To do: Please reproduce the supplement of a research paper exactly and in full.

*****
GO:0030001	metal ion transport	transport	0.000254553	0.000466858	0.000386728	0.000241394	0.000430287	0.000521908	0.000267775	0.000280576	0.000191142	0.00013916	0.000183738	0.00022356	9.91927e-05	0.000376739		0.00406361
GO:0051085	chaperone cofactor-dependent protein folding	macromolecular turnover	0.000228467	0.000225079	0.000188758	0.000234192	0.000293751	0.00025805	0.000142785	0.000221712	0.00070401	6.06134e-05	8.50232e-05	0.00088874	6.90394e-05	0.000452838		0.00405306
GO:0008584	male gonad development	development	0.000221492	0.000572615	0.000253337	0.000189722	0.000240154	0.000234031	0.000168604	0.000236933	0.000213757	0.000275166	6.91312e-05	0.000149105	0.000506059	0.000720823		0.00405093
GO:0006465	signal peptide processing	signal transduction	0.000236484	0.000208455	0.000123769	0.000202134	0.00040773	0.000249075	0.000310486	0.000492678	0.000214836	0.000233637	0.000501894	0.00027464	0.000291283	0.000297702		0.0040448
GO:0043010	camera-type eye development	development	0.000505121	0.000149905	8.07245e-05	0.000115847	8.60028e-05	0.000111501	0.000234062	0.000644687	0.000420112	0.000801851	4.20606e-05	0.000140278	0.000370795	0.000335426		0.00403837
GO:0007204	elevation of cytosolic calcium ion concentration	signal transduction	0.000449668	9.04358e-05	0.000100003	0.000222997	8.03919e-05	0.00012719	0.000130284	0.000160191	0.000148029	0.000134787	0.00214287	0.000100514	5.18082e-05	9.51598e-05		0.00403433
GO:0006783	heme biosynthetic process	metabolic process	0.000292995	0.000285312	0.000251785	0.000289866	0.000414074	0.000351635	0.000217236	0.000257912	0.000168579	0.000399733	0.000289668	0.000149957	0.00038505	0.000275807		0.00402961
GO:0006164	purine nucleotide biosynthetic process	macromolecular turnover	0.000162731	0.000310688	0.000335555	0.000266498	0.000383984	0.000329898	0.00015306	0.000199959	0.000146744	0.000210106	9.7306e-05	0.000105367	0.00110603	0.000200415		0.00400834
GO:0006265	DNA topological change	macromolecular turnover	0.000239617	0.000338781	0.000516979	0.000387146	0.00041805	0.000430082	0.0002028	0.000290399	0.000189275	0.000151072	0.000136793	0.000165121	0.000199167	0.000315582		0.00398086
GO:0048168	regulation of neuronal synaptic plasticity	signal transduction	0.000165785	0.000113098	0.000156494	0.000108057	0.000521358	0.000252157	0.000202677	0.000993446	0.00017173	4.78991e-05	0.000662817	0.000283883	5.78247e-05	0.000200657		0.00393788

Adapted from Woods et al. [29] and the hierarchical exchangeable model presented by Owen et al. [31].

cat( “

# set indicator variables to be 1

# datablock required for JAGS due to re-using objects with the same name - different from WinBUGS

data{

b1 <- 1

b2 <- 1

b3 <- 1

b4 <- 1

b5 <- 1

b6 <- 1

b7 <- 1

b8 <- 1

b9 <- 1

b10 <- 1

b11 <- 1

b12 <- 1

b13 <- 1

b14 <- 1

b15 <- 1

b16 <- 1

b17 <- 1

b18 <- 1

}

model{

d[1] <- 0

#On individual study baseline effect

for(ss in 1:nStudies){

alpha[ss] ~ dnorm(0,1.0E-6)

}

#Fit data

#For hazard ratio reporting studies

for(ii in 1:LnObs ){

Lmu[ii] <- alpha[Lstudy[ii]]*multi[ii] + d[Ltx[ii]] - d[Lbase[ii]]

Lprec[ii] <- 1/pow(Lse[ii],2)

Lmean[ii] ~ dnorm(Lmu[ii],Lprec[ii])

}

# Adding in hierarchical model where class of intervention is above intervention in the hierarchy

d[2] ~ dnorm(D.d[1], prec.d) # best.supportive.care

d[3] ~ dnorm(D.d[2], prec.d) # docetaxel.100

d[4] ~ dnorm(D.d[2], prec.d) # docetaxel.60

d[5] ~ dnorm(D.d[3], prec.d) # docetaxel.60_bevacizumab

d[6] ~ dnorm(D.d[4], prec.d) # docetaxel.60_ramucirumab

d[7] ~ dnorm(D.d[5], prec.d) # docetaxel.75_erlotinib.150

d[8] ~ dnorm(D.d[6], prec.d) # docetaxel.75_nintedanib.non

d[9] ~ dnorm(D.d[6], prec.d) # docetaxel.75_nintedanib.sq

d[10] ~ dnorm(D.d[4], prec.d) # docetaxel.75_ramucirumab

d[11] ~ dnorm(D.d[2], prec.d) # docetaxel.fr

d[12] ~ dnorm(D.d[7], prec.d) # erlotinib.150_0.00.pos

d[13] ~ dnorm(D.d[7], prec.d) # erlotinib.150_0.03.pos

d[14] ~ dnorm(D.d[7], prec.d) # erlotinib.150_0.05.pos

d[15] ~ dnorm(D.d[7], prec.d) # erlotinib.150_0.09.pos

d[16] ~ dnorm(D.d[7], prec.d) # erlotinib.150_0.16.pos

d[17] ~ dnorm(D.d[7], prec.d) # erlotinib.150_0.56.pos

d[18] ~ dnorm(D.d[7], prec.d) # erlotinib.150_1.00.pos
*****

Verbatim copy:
GO:0030001	metal ion transport	transport	0.000254553	0.000466858	0.000386728	0.000241394	0.000430287	0.000521908	0.000267775	0.000280576	0.000191142	0.00013916	0.000183738	0.00022356	9.91927e-05	0.000376739		0.00406361
GO:0051085	chaperone cofactor-dependent protein folding	macromolecular turnover	0.000228467	0.000225079	0.000188758	0.000234192	0.000293751	0.00025805	0.000142785	0.000221712	0.00070401	6.06134e-05	8.50232e-05	0.00088874	6.90394e-05	0.000452838		0.00405306
GO:0008584	male gonad development	development	0.000221492	0.000572615	0.000253337	0.000189722	0.000240154	0.000234031	0.000168604	0.000236933	0.000213757	0.000275166	6.91312e-05	0.000149105	0.000506059	0.000720823		0.00405093
GO:0006465	signal peptide processing	signal transduction	0.000236484	0.000208455	0.000123769	0.000202134	0.00040773	0.000249075	0.000310486	0.000492678	0.000214836	0.000233637	0.000501894	0.00027464	0.000291283	0.000297702		0.0040448
GO:0043010	camera-type eye development	development	0.000505121	0.000149905	8.07245e-05	0.000115847	8.60028e-05	0.000111501	0.000234062	0.000644687	0.000420112	0.000801851	4.20606e-05	0.000140278	0.000370795	0.000335426		0.00403837
GO:0007204	elevation of cytosolic calcium ion concentration	signal transduction	0.000449668	9.04358e-05	0.000100003	0.000222997	8.03919e-05	0.00012719	0.000130284	0.000160191	0.000148029	0.000134787	0.00214287	0.000100514	5.18082e-05	9.51598e-05		0.00403433
GO:0006783	heme biosynthetic process	metabolic process	0.000292995	0.000285312	0.000251785	0.000289866	0.000414074	0.000351635	0.000217236	0.000257912	0.000168579	0.000399733	0.000289668	0.000149957	0.00038505	0.000275807		0.00402961
GO:0006164	purine nucleotide biosynthetic process	macromolecular turnover	0.000162731	0.000310688	0.000335555	0.000266498	0.000383984	0.000329898	0.00015306	0.000199959	0.000146744	0.000210106	9.7306e-05	0.000105367	0.00110603	0.000200415		0.00400834
GO:0006265	DNA topological change	macromolecular turnover	0.000239617	0.000338781	0.000516979	0.000387146	0.00041805	0.000430082	0.0002028	0.000290399	0.000189275	0.000151072	0.000136793	0.000165121	0.000199167	0.000315582		0.00398086
GO:0048168	regulation of neuronal synaptic plasticity	signal transduction	0.000165785	0.000113098	0.000156494	0.000108057	0.000521358	0.000252157	0.000202677	0.000993446	0.00017173	4.78991e-05	0.000662817	0.000283883	5.78247e-05	0.000200657		0.00393788

Adapted from Woods et al. [29] and the hierarchical exchangeable model presented by Owen et al. [31].

cat( “

# set indicator variables to be 1

# datablock required for JAGS due to re-using objects with the same name - different from WinBUGS

data{

b1 <- 1

b2 <- 1

b3 <- 1

b4 <- 1

b5 <- 1

b6 <- 1

b7 <- 1

b8 <- 1

b9 <- 1

b10 <- 1

b11 <- 1

b12 <- 1

b13 <- 1

b14 <- 1

b15 <- 1

b16 <- 1

b17 <- 1

b18 <- 1

}

model{

d[1] <- 0

#On individual study baseline effect

for(ss in 1:nStudies){

alpha[ss] ~ dnorm(0,1.0E-6)

}

#Fit data

#For hazard ratio reporting studies

for(ii in 1:LnObs ){

Lmu[ii] <- alpha[Lstudy[ii]]*multi[ii] + d[Ltx[ii]] - d[Lbase[ii]]

Lprec[ii] <- 1/pow(Lse[ii],2)

Lmean[ii] ~ dnorm(Lmu[ii],Lprec[ii])

}

# Adding in hierarchical model where class of intervention is above intervention in the hierarchy

d[2] ~ dnorm(D.d[1], prec.d) # best.supportive.care

d[3] ~ dnorm(D.d[2], prec.d) # docetaxel.100

d[4] ~ dnorm(D.d[2], prec.d) # docetaxel.60

d[5] ~ dnorm(D.d[3], prec.d) # docetaxel.60_bevacizumab

d[6] ~ dnorm(D.d[4], prec.d) # docetaxel.60_ramucirumab

d[7] ~ dnorm(D.d[5], prec.d) # docetaxel.75_erlotinib.150

d[8] ~ dnorm(D.d[6], prec.d) # docetaxel.75_nintedanib.non

d[9] ~ dnorm(D.d[6], prec.d) # docetaxel.75_nintedanib.sq

d[10] ~ dnorm(D.d[4], prec.d) # docetaxel.75_ramucirumab

d[11] ~ dnorm(D.d[2], prec.d) # docetaxel.fr

d[12] ~ dnorm(D.d[7], prec.d) # erlotinib.150_0.00.pos

d[13] ~ dnorm(D.d[7], prec.d) # erlotinib.150_0.03.pos

d[14] ~ dnorm(D.d[7], prec.d) # erlotinib.150_0.05.pos

d[15] ~ dnorm(D.d[7], prec.d) # erlotinib.150_0.09.pos

d[16] ~ dnorm(D.d[7], prec.d) # erlotinib.150_0.16.pos

d[17] ~ dnorm(D.d[7], prec.d) # erlotinib.150_0.56.pos

d[18] ~ dnorm(D.d[7], prec.d) # erlotinib.150_1.00.pos